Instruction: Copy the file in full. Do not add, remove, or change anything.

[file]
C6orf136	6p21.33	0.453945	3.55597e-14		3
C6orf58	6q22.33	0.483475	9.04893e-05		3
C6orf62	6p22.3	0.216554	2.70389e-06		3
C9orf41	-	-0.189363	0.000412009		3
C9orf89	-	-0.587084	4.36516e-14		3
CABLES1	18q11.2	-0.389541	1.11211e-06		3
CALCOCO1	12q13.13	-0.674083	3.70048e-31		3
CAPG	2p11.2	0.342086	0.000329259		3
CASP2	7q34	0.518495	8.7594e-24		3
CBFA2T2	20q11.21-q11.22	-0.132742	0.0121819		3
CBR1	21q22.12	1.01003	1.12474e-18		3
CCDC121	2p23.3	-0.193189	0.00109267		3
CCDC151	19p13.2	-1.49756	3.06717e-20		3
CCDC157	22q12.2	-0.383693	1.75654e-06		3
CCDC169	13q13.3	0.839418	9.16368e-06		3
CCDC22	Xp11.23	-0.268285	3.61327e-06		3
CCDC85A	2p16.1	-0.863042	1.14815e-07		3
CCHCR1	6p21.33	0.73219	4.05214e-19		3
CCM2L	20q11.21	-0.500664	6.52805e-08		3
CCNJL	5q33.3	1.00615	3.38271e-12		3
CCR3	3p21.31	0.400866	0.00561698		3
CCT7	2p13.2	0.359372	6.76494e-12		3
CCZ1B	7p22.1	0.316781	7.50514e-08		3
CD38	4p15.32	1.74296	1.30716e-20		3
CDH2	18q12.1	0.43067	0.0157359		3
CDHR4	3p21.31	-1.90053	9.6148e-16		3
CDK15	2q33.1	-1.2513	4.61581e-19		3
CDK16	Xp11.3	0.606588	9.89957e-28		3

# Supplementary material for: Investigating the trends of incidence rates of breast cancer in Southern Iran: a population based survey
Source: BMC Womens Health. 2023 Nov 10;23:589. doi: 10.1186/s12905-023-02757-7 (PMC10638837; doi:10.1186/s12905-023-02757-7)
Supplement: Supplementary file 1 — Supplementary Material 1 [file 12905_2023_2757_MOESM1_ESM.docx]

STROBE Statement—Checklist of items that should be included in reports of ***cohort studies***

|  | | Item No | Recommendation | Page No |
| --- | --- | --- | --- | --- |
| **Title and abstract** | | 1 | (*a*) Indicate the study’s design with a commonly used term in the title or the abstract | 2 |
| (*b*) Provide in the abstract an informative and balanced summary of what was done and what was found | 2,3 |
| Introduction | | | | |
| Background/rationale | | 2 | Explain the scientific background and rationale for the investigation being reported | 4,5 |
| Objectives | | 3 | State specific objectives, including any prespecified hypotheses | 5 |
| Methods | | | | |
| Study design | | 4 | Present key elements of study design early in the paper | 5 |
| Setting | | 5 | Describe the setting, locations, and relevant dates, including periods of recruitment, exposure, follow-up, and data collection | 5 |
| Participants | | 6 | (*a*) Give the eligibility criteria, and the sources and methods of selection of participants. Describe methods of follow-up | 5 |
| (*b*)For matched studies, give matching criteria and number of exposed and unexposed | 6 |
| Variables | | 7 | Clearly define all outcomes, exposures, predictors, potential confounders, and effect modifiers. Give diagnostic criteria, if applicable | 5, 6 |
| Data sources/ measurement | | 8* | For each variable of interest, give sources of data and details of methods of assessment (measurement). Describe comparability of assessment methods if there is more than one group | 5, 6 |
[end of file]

C6orf136	6p21.33	0.453945	3.55597e-14		3
C6orf58	6q22.33	0.483475	9.04893e-05		3
C6orf62	6p22.3	0.216554	2.70389e-06		3
C9orf41	-	-0.189363	0.000412009		3
C9orf89	-	-0.587084	4.36516e-14		3
CABLES1	18q11.2	-0.389541	1.11211e-06		3
CALCOCO1	12q13.13	-0.674083	3.70048e-31		3
CAPG	2p11.2	0.342086	0.000329259		3
CASP2	7q34	0.518495	8.7594e-24		3
CBFA2T2	20q11.21-q11.22	-0.132742	0.0121819		3
CBR1	21q22.12	1.01003	1.12474e-18		3
CCDC121	2p23.3	-0.193189	0.00109267		3
CCDC151	19p13.2	-1.49756	3.06717e-20		3
CCDC157	22q12.2	-0.383693	1.75654e-06		3
CCDC169	13q13.3	0.839418	9.16368e-06		3
CCDC22	Xp11.23	-0.268285	3.61327e-06		3
CCDC85A	2p16.1	-0.863042	1.14815e-07		3
CCHCR1	6p21.33	0.73219	4.05214e-19		3
CCM2L	20q11.21	-0.500664	6.52805e-08		3
CCNJL	5q33.3	1.00615	3.38271e-12		3
CCR3	3p21.31	0.400866	0.00561698		3
CCT7	2p13.2	0.359372	6.76494e-12		3
CCZ1B	7p22.1	0.316781	7.50514e-08		3
CD38	4p15.32	1.74296	1.30716e-20		3
CDH2	18q12.1	0.43067	0.0157359		3
CDHR4	3p21.31	-1.90053	9.6148e-16		3
CDK15	2q33.1	-1.2513	4.61581e-19		3
CDK16	Xp11.3	0.606588	9.89957e-28		3

# Supplementary material for: Investigating the trends of incidence rates of breast cancer in Southern Iran: a population based survey
Source: BMC Womens Health. 2023 Nov 10;23:589. doi: 10.1186/s12905-023-02757-7 (PMC10638837; doi:10.1186/s12905-023-02757-7)
Supplement: Supplementary file 1 — Supplementary Material 1 [file 12905_2023_2757_MOESM1_ESM.docx]

STROBE Statement—Checklist of items that should be included in reports of ***cohort studies***

|  | | Item No | Recommendation | Page No |
| --- | --- | --- | --- | --- |
| **Title and abstract** | | 1 | (*a*) Indicate the study’s design with a commonly used term in the title or the abstract | 2 |
| (*b*) Provide in the abstract an informative and balanced summary of what was done and what was found | 2,3 |
| Introduction | | | | |
| Background/rationale | | 2 | Explain the scientific background and rationale for the investigation being reported | 4,5 |
| Objectives | | 3 | State specific objectives, including any prespecified hypotheses | 5 |
| Methods | | | | |
| Study design | | 4 | Present key elements of study design early in the paper | 5 |
| Setting | | 5 | Describe the setting, locations, and relevant dates, including periods of recruitment, exposure, follow-up, and data collection | 5 |
| Participants | | 6 | (*a*) Give the eligibility criteria, and the sources and methods of selection of participants. Describe methods of follow-up | 5 |
| (*b*)For matched studies, give matching criteria and number of exposed and unexposed | 6 |
| Variables | | 7 | Clearly define all outcomes, exposures, predictors, potential confounders, and effect modifiers. Give diagnostic criteria, if applicable | 5, 6 |
| Data sources/ measurement | | 8* | For each variable of interest, give sources of data and details of methods of assessment (measurement). Describe comparability of assessment methods if there is more than one group | 5, 6 |